The European Union’s General Data Protection Regulations (GDPR) go into effect May 25, and privacy groups are pushing companies to commit to the same standard for their U.S. operations.
That came in letters from more than two dozen privacy groups to edge giants Amazon, Facebook and Google, and ad giants Walmart, Nestle and others to use the EU regime as a baseline for their own U.S. data protection policies.
Some companies have signaled they will square their domestic policies with the new, tough EU standards, but privacy groups are looking for wider acceptance.
Facebook, for example, has pledged to provide data control tools and options to its U.S. users. It explained in a Facebook Business post the tough new EU standards it must adhere to abroad:
"[GDPR] applies to all companies that process personal data about individuals in the EU, regardless of where the company is based," Facebook explained. "Processing is defined broadly and refers to anything related to personal data, including how a company handles and manages data, such as collecting, storing, using and destroying data."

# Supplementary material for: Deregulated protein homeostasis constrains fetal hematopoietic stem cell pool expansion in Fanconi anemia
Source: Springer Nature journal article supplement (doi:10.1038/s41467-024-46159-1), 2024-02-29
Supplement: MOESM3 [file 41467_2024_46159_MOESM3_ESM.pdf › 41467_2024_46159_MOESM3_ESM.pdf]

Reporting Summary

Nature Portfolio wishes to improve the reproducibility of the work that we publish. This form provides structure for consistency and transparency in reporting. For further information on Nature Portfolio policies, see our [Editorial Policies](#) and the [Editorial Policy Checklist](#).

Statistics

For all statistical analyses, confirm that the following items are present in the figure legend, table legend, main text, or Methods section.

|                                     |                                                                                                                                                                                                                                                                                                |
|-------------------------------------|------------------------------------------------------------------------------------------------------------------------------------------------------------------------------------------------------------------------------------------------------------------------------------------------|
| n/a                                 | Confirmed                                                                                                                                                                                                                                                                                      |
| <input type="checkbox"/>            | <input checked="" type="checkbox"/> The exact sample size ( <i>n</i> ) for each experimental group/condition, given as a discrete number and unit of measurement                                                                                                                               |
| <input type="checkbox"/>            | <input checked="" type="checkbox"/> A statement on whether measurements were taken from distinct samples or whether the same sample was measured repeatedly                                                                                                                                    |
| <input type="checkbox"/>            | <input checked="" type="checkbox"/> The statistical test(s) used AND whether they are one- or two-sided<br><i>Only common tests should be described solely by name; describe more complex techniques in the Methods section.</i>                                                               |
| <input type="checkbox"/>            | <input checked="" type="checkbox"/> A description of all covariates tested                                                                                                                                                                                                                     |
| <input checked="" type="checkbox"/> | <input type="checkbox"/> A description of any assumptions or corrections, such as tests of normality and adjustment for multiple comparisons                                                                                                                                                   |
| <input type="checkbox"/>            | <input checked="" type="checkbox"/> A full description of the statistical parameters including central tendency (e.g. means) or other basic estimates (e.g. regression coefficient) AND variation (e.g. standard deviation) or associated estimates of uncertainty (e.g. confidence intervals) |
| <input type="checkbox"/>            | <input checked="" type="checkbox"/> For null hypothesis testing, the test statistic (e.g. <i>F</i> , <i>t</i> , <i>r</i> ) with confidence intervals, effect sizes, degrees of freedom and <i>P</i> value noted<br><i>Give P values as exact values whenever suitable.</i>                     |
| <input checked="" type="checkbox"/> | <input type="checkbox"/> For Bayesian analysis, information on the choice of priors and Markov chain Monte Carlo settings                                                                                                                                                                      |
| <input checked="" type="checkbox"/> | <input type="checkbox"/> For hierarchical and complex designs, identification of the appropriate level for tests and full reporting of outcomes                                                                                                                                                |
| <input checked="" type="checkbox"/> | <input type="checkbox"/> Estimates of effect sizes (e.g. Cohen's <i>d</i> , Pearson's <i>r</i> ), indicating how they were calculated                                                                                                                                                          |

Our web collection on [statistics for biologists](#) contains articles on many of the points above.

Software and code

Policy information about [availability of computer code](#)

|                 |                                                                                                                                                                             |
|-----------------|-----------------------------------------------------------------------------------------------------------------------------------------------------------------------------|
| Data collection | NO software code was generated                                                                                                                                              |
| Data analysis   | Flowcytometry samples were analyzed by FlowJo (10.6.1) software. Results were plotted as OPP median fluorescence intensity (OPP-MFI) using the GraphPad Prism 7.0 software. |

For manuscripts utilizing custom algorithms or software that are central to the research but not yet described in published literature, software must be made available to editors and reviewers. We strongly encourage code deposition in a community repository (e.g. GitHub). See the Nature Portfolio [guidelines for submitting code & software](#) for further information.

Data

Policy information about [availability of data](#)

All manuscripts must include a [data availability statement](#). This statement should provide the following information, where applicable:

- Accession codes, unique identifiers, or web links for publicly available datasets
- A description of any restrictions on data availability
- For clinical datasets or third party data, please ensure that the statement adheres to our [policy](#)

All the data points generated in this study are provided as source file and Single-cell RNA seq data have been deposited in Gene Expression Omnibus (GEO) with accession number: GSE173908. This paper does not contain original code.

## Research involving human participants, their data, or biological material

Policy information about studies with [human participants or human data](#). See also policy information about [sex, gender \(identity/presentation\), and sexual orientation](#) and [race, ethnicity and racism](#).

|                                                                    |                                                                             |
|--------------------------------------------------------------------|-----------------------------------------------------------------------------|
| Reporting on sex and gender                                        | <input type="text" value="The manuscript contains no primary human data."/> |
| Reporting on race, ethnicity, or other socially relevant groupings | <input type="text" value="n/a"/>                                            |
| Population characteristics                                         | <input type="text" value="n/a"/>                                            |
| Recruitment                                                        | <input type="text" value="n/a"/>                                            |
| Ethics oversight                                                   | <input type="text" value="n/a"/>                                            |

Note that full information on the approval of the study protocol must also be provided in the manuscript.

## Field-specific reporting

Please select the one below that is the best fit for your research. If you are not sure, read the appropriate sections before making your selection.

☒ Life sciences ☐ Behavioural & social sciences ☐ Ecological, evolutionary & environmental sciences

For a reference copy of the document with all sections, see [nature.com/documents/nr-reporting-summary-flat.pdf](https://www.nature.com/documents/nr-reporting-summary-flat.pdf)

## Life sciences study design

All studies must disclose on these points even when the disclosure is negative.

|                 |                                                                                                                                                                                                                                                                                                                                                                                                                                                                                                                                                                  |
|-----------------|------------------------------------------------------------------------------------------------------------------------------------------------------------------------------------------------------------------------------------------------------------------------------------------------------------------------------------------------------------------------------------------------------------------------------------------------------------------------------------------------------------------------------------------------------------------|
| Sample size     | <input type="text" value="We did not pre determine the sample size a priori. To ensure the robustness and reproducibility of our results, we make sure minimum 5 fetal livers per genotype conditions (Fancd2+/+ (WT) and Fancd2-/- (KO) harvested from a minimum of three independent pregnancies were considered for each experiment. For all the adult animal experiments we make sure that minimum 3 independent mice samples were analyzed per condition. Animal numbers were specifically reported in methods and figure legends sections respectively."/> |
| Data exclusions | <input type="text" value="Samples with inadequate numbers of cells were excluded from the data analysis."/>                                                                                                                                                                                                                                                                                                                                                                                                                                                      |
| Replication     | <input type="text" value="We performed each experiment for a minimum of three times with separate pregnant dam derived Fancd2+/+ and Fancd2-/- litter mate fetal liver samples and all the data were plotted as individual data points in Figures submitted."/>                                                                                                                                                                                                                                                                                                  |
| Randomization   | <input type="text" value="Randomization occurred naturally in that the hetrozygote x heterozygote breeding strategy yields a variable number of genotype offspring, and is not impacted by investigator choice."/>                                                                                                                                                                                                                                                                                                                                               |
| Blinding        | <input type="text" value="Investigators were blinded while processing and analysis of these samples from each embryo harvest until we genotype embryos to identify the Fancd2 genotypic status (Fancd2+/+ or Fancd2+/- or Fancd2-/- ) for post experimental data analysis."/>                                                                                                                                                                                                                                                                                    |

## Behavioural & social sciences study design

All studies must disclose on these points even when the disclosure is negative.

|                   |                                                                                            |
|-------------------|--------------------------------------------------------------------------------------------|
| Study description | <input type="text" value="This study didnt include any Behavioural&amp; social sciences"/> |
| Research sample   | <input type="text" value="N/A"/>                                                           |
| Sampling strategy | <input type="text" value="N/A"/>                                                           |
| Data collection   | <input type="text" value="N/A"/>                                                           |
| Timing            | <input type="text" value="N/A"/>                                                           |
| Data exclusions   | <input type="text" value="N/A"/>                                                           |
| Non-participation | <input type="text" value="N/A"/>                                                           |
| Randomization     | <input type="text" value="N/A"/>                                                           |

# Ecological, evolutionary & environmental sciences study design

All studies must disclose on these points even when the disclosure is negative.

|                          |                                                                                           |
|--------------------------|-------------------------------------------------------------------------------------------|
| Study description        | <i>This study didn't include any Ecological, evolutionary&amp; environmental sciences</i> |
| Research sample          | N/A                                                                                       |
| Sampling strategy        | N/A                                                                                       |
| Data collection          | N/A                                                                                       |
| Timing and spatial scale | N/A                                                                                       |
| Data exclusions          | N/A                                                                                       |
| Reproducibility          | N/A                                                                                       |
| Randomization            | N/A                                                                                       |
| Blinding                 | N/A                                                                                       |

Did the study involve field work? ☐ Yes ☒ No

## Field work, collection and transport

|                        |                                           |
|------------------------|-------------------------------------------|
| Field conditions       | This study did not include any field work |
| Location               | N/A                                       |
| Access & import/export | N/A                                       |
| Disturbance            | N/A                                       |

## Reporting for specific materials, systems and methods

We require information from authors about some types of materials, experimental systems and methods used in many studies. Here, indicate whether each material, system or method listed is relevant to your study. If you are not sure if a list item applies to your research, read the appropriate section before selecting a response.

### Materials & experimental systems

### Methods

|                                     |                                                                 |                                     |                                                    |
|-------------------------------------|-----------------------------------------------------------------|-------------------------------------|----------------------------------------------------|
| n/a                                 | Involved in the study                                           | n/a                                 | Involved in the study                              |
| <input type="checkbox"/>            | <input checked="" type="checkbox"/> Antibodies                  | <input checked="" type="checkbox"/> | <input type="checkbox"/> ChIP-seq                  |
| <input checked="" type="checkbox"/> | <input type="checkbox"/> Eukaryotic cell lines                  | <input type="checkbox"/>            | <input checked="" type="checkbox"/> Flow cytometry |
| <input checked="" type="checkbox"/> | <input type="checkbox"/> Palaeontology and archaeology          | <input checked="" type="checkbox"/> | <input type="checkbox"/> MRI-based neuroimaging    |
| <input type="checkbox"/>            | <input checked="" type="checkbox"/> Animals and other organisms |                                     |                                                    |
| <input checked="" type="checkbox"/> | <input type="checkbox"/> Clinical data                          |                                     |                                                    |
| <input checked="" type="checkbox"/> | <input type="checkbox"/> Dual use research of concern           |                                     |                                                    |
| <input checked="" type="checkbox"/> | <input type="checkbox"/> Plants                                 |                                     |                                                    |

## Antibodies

Facebook continued: "While many of the principles of this regulation build on current EU data protection rules, the GDPR has a wider scope, more prescriptive standards and substantial fines. For example, it requires a higher standard of consent for using some types of data, and broadens the rights individuals have for accessing and transferring their data. Failure to comply with the GDPR can result in significant fines — up to 4% of global annual revenue for certain violations."
That is the baseline privacy groups are looking for at home. Among those signing on to the letter were the Center for Digital Democracy, the Consumer Federation of America, Consumer Watchdog and the Electronic Privacy Information Center (EPIC).
The GDPR "places limits on the gathering and use of personal data and establishes clear responsibilities for companies that collect it, as well as clear rights for people whose data is gathered," the groups pointed out, saying that is the sort of consumer control that should be standard across the globe.
“Since you will be providing these protections for hundreds of millions of people in Europe, there is no question that you are capable of applying the same protections worldwide,” the letter said. “We insist that you do."